For Cindy Lee, this event was an opportunity to showcase her new album “Beloved Stranger,” which focused on the heartache of living with a beloved sweetheart whose illness transformed him into a whole other person that was so very different from the man she married.
Cindy Lee Berryhill – Beloved Stranger
A few months later, there was another benefit event for Paul in Napa (north of San Francisco) featuring the “Three Wives” of Paul, featuring Cindy Lee and Paul’s first two wives- Sachiko Kanenobu and Donna Nassar.
It was really a wonderful tribute to a man who was loved with such affection. I was really touched to see this type of love, respect, and great admiration for someone that was such a big part of their lives. This really spoke volumes to me – seeing a current wife and two ex-wives come together for the cause of helping their beloved Paul. Definitely NOT the sort of thing I see happen very often….
Luckily, Paul was eventually accepted into the Medicare system in December 2009, so the biggest financial burden on the family was lifted. Paul was placed in an assisted care facility, which took care of his basic needs.
It certainly hasn’t been easy for Cindy Lee Williams or their son Alexander.
Not long after the release of the “Beloved Stranger” album, Cindy Lee created a blog of the same name, as a means of sharing a journal of their situation.
Last month, Cindy shared a wonderful statement on the essence of Paul, in regards to his connection with fellow writer Theodore Sturgeon:
Paul was a loyal reader of and friend and later a champion of, science fiction writer Theodore Sturgeon. He edited most of the Complete Short Stories series and wrote copious story notes. He would also read these stories aloud to me. One of the most memorable was More Than Human, where a commune of people, together form a whole being, a newly evolved mind.
I like to think that Paul was always looking for that way of being. He didn’t do it in a perfect way, as we family members can attest to, and sometimes his idealism didn’t match up with our own personal realities, but he was somehow, always hoping to find a way that the people he loved could live or be alright together as a whole. This could make for a rather complicated and not altogether natural way of handling ‘marital bliss’. But in his way, Paul was striving for a perfection that Sturgeon’s story had alluded to.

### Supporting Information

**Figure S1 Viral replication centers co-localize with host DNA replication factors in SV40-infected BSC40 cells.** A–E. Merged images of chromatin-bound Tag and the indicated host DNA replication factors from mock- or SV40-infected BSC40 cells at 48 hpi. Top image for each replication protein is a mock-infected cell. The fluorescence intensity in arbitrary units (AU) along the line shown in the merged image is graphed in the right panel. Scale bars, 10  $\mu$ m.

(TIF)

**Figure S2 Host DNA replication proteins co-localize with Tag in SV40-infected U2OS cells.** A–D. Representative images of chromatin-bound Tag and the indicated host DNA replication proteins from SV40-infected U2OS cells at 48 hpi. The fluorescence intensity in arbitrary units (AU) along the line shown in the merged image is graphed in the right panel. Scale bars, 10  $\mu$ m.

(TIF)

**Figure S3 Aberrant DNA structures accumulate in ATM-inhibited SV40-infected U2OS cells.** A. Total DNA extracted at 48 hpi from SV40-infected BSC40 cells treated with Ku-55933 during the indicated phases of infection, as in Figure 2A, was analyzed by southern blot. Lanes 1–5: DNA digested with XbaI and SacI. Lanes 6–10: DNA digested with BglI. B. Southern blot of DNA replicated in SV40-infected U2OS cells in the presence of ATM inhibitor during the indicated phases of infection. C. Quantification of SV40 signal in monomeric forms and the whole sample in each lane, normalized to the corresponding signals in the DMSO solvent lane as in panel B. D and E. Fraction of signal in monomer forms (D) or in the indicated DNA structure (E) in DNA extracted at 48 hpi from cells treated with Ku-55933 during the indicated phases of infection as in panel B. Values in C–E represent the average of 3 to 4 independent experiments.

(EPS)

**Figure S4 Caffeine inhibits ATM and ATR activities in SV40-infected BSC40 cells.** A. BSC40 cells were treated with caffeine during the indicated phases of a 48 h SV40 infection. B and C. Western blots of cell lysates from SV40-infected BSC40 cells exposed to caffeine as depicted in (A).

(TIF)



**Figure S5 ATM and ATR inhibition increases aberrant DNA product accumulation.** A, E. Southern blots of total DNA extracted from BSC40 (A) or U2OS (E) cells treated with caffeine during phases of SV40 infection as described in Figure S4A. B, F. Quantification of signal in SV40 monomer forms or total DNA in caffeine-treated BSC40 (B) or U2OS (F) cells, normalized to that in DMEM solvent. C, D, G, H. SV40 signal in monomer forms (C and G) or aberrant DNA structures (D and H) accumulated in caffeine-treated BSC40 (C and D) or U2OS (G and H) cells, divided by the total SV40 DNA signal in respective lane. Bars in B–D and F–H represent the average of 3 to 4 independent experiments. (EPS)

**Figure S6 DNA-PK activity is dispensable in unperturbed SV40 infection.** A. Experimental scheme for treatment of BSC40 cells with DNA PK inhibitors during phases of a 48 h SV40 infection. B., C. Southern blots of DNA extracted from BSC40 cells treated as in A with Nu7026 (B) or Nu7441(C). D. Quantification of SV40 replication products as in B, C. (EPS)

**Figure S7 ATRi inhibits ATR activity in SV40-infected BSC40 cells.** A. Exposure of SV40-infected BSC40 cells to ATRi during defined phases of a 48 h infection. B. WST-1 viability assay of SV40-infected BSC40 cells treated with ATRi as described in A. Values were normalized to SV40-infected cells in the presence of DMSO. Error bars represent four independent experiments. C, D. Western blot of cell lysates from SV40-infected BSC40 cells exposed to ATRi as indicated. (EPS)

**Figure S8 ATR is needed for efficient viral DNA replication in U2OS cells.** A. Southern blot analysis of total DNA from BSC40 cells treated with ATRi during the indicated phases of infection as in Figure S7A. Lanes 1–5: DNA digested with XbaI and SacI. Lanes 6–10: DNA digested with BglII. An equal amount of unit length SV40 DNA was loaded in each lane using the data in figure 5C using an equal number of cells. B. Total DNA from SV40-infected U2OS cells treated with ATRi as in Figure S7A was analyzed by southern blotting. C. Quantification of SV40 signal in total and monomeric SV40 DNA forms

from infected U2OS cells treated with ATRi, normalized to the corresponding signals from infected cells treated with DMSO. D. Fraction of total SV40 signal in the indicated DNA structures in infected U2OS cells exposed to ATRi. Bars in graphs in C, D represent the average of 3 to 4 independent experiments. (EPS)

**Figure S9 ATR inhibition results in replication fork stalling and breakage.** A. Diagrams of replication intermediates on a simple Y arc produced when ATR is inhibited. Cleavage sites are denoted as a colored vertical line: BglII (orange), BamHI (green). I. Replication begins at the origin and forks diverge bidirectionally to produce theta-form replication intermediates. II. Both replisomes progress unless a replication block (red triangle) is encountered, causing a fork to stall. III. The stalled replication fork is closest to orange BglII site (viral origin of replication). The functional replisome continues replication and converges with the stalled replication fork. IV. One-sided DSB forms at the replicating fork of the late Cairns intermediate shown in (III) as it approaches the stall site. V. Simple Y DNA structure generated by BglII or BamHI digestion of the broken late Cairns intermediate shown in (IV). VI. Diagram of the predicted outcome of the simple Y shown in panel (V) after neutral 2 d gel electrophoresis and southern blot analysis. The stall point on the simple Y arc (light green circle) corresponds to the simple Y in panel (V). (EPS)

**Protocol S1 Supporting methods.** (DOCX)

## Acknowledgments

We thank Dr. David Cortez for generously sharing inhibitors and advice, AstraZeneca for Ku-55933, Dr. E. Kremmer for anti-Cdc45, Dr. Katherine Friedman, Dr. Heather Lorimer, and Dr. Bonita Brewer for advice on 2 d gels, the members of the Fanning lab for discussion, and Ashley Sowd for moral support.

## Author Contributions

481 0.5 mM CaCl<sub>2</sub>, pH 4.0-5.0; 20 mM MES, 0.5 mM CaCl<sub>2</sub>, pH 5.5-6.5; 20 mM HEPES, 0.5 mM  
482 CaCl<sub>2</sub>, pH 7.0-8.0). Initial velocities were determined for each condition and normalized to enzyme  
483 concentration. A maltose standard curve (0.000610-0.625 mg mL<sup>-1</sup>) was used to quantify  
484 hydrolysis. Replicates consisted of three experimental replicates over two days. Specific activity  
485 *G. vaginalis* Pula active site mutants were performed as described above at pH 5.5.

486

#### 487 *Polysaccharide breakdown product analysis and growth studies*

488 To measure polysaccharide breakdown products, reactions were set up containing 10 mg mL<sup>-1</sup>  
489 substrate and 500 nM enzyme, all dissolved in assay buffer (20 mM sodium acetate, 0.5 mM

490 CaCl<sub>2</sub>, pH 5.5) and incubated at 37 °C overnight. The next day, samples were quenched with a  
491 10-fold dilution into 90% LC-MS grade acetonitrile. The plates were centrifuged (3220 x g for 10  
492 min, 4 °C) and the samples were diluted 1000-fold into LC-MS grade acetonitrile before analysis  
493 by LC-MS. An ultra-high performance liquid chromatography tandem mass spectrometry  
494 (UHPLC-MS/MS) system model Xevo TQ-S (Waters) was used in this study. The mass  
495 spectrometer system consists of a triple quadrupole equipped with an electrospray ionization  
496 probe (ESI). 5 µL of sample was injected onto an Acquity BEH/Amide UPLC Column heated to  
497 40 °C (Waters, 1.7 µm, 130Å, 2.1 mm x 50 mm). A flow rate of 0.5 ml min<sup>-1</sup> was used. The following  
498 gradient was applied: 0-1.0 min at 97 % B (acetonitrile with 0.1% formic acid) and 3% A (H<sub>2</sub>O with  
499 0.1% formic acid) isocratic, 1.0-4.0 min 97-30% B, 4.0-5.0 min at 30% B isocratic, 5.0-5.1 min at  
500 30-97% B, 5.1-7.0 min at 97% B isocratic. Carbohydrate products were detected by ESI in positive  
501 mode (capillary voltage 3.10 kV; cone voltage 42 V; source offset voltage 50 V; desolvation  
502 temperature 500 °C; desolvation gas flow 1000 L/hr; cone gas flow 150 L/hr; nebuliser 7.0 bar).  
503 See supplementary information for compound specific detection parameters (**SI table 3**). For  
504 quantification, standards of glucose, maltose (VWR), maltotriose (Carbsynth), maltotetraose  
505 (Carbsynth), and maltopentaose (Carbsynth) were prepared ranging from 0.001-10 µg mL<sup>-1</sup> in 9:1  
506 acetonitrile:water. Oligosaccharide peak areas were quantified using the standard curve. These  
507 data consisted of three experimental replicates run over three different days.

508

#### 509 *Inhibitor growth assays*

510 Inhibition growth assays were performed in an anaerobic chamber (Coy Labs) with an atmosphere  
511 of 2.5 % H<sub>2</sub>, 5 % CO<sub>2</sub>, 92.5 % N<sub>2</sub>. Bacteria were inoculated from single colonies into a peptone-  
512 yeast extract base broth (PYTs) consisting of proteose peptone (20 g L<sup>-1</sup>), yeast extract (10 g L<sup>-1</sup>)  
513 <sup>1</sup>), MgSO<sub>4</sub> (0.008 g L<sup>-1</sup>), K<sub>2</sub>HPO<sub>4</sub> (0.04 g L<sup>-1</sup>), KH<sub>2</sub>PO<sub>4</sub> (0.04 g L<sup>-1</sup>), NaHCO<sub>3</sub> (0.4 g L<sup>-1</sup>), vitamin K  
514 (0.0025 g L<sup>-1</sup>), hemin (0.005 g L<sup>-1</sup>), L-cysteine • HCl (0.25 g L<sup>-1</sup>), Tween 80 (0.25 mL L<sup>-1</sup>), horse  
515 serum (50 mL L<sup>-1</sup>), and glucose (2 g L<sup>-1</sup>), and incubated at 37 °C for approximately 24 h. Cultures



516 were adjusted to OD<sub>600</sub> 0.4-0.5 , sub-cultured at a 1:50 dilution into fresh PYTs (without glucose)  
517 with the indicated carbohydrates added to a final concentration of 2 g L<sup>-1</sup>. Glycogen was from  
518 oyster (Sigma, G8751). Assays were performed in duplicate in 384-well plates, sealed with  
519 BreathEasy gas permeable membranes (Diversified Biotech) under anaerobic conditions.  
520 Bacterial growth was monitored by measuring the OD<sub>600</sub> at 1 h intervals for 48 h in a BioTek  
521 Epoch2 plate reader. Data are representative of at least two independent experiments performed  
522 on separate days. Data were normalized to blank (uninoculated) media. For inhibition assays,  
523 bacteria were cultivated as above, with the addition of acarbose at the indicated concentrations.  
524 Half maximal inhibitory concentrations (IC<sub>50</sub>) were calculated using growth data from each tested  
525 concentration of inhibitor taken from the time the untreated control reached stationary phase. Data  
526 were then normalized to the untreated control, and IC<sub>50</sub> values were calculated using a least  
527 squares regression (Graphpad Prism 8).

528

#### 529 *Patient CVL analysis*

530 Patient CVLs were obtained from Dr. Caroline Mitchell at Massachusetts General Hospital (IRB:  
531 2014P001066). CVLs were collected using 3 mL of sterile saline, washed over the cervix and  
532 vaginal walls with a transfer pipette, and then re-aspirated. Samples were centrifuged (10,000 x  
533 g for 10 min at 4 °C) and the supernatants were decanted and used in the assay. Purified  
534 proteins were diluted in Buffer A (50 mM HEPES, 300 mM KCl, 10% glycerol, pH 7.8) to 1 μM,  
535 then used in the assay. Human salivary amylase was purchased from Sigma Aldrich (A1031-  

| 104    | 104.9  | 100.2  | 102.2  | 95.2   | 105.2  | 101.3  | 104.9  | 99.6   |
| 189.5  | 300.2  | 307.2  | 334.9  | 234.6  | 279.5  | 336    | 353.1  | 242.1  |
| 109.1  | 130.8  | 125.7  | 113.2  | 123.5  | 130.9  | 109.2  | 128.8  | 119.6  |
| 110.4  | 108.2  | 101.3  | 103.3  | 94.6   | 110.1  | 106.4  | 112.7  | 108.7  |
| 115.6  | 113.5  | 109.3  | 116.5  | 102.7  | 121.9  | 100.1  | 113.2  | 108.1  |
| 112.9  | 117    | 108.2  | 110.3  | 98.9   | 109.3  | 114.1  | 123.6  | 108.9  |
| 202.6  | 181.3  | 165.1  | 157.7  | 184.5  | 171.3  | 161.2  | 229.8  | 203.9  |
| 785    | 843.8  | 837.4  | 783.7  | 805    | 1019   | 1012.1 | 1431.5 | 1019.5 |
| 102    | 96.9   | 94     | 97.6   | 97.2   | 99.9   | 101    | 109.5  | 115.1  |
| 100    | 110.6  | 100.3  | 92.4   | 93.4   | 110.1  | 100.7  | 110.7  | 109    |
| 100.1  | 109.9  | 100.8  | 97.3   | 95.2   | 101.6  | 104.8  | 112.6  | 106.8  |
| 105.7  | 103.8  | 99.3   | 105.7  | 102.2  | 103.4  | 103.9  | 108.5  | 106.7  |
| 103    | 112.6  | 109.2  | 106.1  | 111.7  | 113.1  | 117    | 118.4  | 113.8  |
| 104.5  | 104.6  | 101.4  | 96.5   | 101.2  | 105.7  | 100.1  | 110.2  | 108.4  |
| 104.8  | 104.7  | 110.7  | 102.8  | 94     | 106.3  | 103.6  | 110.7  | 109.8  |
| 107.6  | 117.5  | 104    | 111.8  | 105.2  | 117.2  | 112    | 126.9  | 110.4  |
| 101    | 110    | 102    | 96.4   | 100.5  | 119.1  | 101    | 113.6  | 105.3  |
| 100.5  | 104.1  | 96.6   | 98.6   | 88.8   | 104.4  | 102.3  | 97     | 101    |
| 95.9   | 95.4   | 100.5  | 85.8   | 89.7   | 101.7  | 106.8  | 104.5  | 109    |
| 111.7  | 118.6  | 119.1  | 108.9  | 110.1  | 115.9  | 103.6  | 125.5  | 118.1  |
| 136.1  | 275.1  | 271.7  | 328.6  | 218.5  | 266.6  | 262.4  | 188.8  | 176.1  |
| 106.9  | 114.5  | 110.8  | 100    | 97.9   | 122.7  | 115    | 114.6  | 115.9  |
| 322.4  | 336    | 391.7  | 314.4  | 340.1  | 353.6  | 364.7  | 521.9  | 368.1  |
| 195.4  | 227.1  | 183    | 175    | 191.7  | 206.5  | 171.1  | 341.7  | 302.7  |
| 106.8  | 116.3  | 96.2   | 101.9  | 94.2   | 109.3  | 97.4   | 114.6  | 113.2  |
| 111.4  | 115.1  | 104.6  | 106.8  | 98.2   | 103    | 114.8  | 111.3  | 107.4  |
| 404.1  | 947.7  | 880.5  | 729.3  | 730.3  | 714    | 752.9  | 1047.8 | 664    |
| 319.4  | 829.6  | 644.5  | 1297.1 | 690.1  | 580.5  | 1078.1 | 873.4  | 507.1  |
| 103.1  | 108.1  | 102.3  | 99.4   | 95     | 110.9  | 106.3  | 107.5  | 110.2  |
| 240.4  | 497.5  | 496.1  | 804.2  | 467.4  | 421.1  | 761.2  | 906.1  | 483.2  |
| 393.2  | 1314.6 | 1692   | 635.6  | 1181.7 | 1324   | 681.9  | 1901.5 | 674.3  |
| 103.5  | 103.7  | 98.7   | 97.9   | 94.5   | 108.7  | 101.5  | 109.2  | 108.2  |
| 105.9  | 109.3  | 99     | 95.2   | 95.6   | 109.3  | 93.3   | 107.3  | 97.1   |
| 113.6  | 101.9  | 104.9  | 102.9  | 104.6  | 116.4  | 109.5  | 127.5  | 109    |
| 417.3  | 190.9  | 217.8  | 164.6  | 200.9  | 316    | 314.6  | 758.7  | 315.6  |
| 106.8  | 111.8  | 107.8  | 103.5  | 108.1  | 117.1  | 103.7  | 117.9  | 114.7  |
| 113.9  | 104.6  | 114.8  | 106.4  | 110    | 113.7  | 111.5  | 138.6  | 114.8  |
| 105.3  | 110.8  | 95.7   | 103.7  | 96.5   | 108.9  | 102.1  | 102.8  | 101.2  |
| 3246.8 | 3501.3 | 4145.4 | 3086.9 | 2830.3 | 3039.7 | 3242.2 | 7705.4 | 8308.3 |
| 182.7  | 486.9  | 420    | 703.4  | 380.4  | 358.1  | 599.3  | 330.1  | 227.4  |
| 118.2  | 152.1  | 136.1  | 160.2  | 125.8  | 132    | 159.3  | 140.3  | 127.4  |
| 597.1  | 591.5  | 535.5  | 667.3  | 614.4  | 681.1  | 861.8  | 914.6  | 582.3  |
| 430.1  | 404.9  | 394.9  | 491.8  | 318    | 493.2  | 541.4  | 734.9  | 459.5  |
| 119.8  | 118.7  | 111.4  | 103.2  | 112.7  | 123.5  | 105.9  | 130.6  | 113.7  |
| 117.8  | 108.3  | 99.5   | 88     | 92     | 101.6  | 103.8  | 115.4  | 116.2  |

The cover of the 1953, 35cent paperback, with a cracked spine and yellowing pages says:
More Than Human,
the provocative story of six people who became-together-a new kind of humanity…..
Somewhere in this world there are six people who -together-can do anything. Some day, perhaps tomorrow, they will put their power to work and world will be transformed. In the meantime they are waiting quietly. They look-often behave-like people you know. But with a difference: they think of themselves as “I”-not “we”-because in a curious way they are One. That is the source of their strength. This is the story of how they met, and what they became…
….and what they intend to do.
A wonderful sentiment that I can certainly get behind.
Rest in peace, Beloved Stranger.
The suffering is over.
With love, tears and deepest sympathy for the family and friends of Paul Williams.
(More video and references after the flip….)
Continue reading RIP: Paul Williams, writer, Crawdaddy publisher